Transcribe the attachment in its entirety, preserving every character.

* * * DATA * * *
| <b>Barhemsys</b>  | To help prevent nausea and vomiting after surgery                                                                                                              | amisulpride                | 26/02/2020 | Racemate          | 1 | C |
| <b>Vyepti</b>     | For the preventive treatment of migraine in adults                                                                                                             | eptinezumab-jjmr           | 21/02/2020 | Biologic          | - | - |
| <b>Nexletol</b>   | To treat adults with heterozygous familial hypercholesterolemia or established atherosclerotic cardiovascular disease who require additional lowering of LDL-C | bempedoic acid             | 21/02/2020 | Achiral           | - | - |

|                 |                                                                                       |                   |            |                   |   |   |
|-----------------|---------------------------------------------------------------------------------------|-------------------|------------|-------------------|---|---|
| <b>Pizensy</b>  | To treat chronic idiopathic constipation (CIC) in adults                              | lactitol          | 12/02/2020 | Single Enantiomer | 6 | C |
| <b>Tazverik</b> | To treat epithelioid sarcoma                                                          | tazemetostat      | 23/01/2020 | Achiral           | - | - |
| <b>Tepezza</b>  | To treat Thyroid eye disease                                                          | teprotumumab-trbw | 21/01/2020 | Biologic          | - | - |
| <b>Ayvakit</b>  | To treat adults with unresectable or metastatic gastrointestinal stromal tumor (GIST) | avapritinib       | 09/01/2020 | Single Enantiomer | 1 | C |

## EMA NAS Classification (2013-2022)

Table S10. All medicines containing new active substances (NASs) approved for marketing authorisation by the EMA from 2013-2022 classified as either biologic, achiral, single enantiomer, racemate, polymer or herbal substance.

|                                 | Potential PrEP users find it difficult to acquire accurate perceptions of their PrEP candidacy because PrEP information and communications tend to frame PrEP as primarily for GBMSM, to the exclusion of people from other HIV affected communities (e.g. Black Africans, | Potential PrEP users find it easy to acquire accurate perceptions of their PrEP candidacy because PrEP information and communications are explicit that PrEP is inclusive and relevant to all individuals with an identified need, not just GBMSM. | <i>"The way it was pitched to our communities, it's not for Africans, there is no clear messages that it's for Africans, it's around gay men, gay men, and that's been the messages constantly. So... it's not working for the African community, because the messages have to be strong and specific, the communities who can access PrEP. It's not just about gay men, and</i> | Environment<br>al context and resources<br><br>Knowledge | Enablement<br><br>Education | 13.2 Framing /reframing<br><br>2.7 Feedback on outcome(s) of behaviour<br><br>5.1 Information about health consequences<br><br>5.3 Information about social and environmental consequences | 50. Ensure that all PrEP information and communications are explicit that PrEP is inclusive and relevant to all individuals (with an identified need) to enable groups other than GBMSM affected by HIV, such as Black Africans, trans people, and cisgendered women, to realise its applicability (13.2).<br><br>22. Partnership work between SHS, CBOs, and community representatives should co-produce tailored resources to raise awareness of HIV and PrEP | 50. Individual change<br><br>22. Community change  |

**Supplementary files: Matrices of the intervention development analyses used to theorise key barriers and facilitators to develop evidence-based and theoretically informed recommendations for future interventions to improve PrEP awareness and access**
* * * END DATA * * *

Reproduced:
| <b>Barhemsys</b>  | To help prevent nausea and vomiting after surgery                                                                                                              | amisulpride                | 26/02/2020 | Racemate          | 1 | C |
| <b>Vyepti</b>     | For the preventive treatment of migraine in adults                                                                                                             | eptinezumab-jjmr           | 21/02/2020 | Biologic          | - | - |
| <b>Nexletol</b>   | To treat adults with heterozygous familial hypercholesterolemia or established atherosclerotic cardiovascular disease who require additional lowering of LDL-C | bempedoic acid             | 21/02/2020 | Achiral           | - | - |

|                 |                                                                                       |                   |            |                   |   |   |
|-----------------|---------------------------------------------------------------------------------------|-------------------|------------|-------------------|---|---|
| <b>Pizensy</b>  | To treat chronic idiopathic constipation (CIC) in adults                              | lactitol          | 12/02/2020 | Single Enantiomer | 6 | C |
| <b>Tazverik</b> | To treat epithelioid sarcoma                                                          | tazemetostat      | 23/01/2020 | Achiral           | - | - |
| <b>Tepezza</b>  | To treat Thyroid eye disease                                                          | teprotumumab-trbw | 21/01/2020 | Biologic          | - | - |
| <b>Ayvakit</b>  | To treat adults with unresectable or metastatic gastrointestinal stromal tumor (GIST) | avapritinib       | 09/01/2020 | Single Enantiomer | 1 | C |

## EMA NAS Classification (2013-2022)

Table S10. All medicines containing new active substances (NASs) approved for marketing authorisation by the EMA from 2013-2022 classified as either biologic, achiral, single enantiomer, racemate, polymer or herbal substance.

|                                 | Potential PrEP users find it difficult to acquire accurate perceptions of their PrEP candidacy because PrEP information and communications tend to frame PrEP as primarily for GBMSM, to the exclusion of people from other HIV affected communities (e.g. Black Africans, | Potential PrEP users find it easy to acquire accurate perceptions of their PrEP candidacy because PrEP information and communications are explicit that PrEP is inclusive and relevant to all individuals with an identified need, not just GBMSM. | <i>"The way it was pitched to our communities, it's not for Africans, there is no clear messages that it's for Africans, it's around gay men, gay men, and that's been the messages constantly. So... it's not working for the African community, because the messages have to be strong and specific, the communities who can access PrEP. It's not just about gay men, and</i> | Environment<br>al context and resources<br><br>Knowledge | Enablement<br><br>Education | 13.2 Framing /reframing<br><br>2.7 Feedback on outcome(s) of behaviour<br><br>5.1 Information about health consequences<br><br>5.3 Information about social and environmental consequences | 50. Ensure that all PrEP information and communications are explicit that PrEP is inclusive and relevant to all individuals (with an identified need) to enable groups other than GBMSM affected by HIV, such as Black Africans, trans people, and cisgendered women, to realise its applicability (13.2).<br><br>22. Partnership work between SHS, CBOs, and community representatives should co-produce tailored resources to raise awareness of HIV and PrEP | 50. Individual change<br><br>22. Community change  |

**Supplementary files: Matrices of the intervention development analyses used to theorise key barriers and facilitators to develop evidence-based and theoretically informed recommendations for future interventions to improve PrEP awareness and access**